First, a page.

Vision Zero Task Force member Karis Stoudamire-Phillips speaks at a meeting in City Hall yesterday. (Photos: J. Maus/BikePortland)
We hear from many of you that it feels like streets in Portland are getting more lawless by the day. One reason is a severe lack of police presence due to a staffing shortage that’s been years in the making. The flip side of that is a concern among traffic safety advocates and the Police Bureau that too much presence in certain parts of the city might lead to unfair or over-policing. [Read more…]
Walking conditions on SE Foster east of 82nd. (Photo: J. Maus/BikePortland)
As part of their work to update the citywide walking plan the Portland Bureau of Transportation spent 17 weeks doing a survey to find out what keeps people from doing it. With 4,855 responses tallied, the results are in. [Read more…]
For the most part the response to that question has centered around standard stuff like research and data, attempts to uncover the barriers to bicycling faced by people of color, and how organizations can be more inclusive. Those are important parts of the work; but what if we’ve been avoiding the root cause?
What if we aren’t making enough progress because we’re too uncomfortable to acknowledge the racist foundation of our land-use policies, transportation system and planning culture? What if the white privilege of many planning and advocacy professionals has led to the segregation of black people out of bike lanes? What if many black people do bike, but in places white people don’t usually associate with “cyclists” or “commuters”?
Those are just some of the questions that bounced around my head as I biked home from a talk given by Tamika Butler on Wednesday night. Butler was chosen by Portland State University’s Inititiave for Bicycle & Pedestrian Innovation to give the Anne Niles Active Transportation Lecture. She didn’t hold anything back. [Read more…]
Chalk on NW 2nd Avenue bike lane in Old Town. (Photos: Maria Cahill)
Maria Cahill has taken her fight against racism to a bike lane in Old Town. As an organizer with Irene’s Circle, a nonprofit that supports families impacted by police violence and hate crimes, it’s just one of the ways she exercises her commitment to justice.
Every day for nearly a month now, Cahill has chalked a message into the protected bike lane on NW 2nd Avenue right outside the Japanese American History Museum. Sometimes she’ll write, “All lives will matter when Black Lives Matter” and other times simply, “Black Lives Matter.”
Portlander John Russell leads free walking tours in downtown Portland. He has seen the chalked message many times — and he’s also noticed that it gets washed away each time. “Who cleans it off each day?” he wrote in a Facebook post yesterday. “A white guy who works for Portland’s Downtown Clean and Safe crew goes out of his way to clean it off. He doesn’t bother with other chalk in the neighborhood. Just this one.”[Read more…]
Community Cycling Center CEO Mychal Tetteh speaking at the ride. (Photos: Ted Timmons)
The Cycling Against Hate ride, planned in response to an ugly pepper-spraying incident in northeast Portland last week, happened on Sunday. BikePortland correspondent Ted Timmons was there and shares the following recap… [Read more…]
Five years ago today Portland resident Michelle DePass stood up at a meeting for a transportation project on North Williams Avenue and changed the course of local and national cycling politics forever:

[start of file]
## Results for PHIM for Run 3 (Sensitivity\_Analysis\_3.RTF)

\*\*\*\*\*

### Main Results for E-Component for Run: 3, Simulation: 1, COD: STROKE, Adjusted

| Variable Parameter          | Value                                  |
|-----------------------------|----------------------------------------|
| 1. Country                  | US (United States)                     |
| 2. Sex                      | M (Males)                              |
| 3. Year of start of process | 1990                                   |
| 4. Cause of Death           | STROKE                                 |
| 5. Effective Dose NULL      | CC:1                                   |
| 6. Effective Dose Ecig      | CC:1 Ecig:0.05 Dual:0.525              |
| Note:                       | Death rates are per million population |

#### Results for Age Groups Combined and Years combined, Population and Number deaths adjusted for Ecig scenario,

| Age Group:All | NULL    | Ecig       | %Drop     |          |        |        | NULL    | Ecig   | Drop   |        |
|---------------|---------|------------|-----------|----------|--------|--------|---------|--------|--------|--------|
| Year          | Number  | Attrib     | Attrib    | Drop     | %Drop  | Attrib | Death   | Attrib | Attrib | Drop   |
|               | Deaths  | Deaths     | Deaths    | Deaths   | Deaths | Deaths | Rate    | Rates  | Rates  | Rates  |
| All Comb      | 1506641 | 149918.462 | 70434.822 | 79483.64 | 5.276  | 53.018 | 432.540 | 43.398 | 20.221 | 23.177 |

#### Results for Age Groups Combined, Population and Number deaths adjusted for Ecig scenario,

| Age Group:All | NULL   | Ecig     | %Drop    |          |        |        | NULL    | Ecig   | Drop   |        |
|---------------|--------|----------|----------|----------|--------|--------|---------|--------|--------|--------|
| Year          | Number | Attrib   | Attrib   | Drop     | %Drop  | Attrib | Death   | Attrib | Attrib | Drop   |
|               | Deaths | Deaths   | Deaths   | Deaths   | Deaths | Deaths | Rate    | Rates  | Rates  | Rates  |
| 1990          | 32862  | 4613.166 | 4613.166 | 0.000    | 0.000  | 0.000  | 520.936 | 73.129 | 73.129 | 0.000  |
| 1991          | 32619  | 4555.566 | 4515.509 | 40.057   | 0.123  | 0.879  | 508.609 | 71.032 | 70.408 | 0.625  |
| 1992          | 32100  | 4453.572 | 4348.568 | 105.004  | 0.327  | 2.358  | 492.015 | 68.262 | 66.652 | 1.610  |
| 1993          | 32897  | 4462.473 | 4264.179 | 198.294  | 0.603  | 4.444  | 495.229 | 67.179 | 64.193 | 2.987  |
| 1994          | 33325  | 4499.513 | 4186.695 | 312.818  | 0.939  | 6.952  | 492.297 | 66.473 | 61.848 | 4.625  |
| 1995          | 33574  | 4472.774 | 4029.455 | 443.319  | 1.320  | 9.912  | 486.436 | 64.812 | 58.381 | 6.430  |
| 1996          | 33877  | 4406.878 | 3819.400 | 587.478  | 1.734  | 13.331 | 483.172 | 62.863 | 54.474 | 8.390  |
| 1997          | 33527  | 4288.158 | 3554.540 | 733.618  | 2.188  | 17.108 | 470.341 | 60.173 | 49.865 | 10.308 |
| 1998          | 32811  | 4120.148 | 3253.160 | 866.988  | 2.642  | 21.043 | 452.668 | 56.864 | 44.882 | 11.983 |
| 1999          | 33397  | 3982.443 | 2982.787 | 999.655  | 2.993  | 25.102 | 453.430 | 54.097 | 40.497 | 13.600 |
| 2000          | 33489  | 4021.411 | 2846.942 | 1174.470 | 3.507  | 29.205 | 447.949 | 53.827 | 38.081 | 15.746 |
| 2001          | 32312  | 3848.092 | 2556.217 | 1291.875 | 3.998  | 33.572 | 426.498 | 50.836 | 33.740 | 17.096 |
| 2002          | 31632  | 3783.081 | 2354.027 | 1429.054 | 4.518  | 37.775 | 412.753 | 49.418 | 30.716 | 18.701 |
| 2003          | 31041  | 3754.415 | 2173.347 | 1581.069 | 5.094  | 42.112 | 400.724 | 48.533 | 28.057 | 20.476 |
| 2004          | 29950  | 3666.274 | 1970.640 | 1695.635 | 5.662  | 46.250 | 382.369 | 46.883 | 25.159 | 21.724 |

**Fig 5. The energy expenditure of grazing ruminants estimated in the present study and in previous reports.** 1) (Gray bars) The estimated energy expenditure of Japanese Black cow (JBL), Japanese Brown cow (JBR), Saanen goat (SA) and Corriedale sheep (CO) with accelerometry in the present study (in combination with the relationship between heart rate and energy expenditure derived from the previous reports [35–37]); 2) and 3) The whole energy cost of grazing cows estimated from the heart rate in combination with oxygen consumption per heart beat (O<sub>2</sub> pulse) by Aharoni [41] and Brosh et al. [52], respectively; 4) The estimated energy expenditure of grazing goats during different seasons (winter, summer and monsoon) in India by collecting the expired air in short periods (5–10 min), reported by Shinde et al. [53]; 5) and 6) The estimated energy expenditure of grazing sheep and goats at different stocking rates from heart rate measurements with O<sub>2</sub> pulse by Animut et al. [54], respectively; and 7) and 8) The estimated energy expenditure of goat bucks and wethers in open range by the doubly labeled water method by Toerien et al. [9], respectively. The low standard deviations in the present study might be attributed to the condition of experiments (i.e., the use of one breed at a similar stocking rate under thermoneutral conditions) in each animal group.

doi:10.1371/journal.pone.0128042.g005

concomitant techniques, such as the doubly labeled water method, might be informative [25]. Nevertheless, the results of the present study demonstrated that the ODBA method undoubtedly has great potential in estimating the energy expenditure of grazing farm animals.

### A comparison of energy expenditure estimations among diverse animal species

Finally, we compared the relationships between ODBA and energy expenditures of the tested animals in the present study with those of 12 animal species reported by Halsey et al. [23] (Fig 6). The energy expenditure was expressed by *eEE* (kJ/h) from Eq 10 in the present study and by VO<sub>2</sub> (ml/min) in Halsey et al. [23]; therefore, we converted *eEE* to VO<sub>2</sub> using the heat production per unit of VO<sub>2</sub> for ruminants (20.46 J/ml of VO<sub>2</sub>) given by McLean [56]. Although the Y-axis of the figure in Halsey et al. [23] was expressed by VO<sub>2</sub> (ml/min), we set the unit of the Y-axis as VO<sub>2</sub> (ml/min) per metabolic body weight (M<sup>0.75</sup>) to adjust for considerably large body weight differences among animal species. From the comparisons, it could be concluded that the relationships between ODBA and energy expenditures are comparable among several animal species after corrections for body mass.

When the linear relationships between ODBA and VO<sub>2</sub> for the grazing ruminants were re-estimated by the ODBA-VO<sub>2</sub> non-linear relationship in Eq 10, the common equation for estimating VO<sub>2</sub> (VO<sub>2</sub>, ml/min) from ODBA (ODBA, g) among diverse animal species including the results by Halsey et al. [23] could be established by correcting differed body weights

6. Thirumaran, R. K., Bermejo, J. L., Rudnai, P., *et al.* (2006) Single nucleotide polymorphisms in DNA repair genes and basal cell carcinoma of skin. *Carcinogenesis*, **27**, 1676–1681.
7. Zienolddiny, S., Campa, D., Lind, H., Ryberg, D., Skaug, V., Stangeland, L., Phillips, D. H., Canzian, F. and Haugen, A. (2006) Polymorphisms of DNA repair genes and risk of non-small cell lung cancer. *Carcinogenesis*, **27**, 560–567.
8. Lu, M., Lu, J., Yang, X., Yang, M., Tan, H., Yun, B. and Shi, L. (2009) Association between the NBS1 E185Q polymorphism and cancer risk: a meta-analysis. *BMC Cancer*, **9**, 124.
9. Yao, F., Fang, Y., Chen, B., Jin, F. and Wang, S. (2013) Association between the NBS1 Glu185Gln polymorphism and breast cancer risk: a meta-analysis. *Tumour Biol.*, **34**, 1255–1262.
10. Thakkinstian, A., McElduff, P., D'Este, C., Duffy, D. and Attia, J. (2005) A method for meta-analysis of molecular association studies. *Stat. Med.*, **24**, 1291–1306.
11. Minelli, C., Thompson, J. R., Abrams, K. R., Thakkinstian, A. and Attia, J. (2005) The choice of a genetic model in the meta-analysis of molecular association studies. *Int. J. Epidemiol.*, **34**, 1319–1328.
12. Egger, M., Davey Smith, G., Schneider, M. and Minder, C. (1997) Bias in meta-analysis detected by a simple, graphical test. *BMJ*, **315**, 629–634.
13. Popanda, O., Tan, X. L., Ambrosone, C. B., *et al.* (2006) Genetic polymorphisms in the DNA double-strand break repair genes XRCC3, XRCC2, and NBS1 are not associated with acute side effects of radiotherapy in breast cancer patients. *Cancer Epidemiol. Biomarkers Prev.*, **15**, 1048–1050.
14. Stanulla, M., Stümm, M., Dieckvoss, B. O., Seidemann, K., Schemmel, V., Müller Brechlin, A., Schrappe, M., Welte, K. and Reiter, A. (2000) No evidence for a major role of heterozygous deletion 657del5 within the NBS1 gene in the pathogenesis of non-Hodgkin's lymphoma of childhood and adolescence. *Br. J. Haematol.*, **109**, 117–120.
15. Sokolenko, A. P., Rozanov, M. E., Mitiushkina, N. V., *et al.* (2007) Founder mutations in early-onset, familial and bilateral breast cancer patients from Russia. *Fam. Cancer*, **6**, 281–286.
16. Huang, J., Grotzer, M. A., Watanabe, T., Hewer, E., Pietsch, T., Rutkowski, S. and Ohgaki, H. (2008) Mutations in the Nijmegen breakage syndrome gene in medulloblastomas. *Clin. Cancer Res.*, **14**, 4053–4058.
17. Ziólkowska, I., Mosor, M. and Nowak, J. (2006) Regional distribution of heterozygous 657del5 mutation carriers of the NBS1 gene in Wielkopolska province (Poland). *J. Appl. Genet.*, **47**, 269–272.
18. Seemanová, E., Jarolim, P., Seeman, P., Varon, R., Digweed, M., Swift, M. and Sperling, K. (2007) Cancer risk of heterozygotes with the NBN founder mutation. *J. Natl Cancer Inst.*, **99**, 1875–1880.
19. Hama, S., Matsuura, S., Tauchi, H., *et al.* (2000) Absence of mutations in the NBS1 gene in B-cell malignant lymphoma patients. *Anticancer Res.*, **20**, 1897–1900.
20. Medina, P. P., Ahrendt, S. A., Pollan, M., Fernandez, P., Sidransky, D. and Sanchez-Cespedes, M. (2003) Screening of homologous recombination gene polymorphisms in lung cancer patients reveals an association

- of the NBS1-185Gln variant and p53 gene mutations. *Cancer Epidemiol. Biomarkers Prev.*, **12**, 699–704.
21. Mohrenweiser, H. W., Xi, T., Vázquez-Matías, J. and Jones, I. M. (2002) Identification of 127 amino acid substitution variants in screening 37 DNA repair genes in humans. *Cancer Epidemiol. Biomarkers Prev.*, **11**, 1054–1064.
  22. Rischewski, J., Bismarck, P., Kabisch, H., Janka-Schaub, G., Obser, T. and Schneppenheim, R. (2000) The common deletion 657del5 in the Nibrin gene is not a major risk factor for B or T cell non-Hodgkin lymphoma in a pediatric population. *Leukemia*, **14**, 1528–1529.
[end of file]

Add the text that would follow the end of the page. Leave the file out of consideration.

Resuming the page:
“We have an issue of racism and of the history of this neighborhood,” DePass said. “Until we address that history and… the cultural differences we have in terms of respect, we are not going to move very far.” [Read more…]
It’s something that shouldn’t need saying, but I feel it needs constant reiteration. It is entirely too easy, and too common, for us to look at our streets as a series of connections, people divided by mode, unattached to the other issues surrounding us or how our lives are inherently impacted by transportation decisions on a daily basis. The ease by which many of us working in transportation advocacy are able to view our streets — of course a bike lane should go here, of course a crosswalk is the answer there — is in itself a privilege.
As we develop Portland’s Vision Zero policies, I’m asking us to go further. And I’ve got five specific suggestions for how to do so.
When I started getting seriously interested in bicycles a few years ago, I already knew they were pollution-free, cheap, healthy, quiet, nonlethal and space-efficient.
What threw me for a loop, when I was talking to other Portlanders who were already interested in bicycles, was that they kept talking about community. Biking (and walking, and public transit) connected them with their neighbors and surroundings in a way that driving can’t.
Diego Hernandez, a Reynolds School District board member running for the state legislature, speaks at a BTA event Tuesday advocating for Metro to fund safer streets in East Multnomah County through a regional Safe Routes to School program. (Photos: M.Andersen/BikePortland)
Portland’s largest biking advocacy group has, for the first time, created a written policy to help it fight racial disparities in transportation.
“The reality of Portland is that while we are one of the whitest cities in America, it’s not going to be a white city forever.” — Rob Sadowsky, BTA
As the most bikeable areas of Portland grow even whiter and many less bikeable areas grow even more diverse, the group says it needs to focus more on building “a community where everyone from all racial backgrounds has access to safe, healthy, and affordable transportation options.”
“The reality of Portland is that while we are one of the whitest cities in America, it’s not going to be a white city forever,” Executive Director Rob Sadowsky said Wednesday. “Over half of Portland Public Schools students already are students of color.”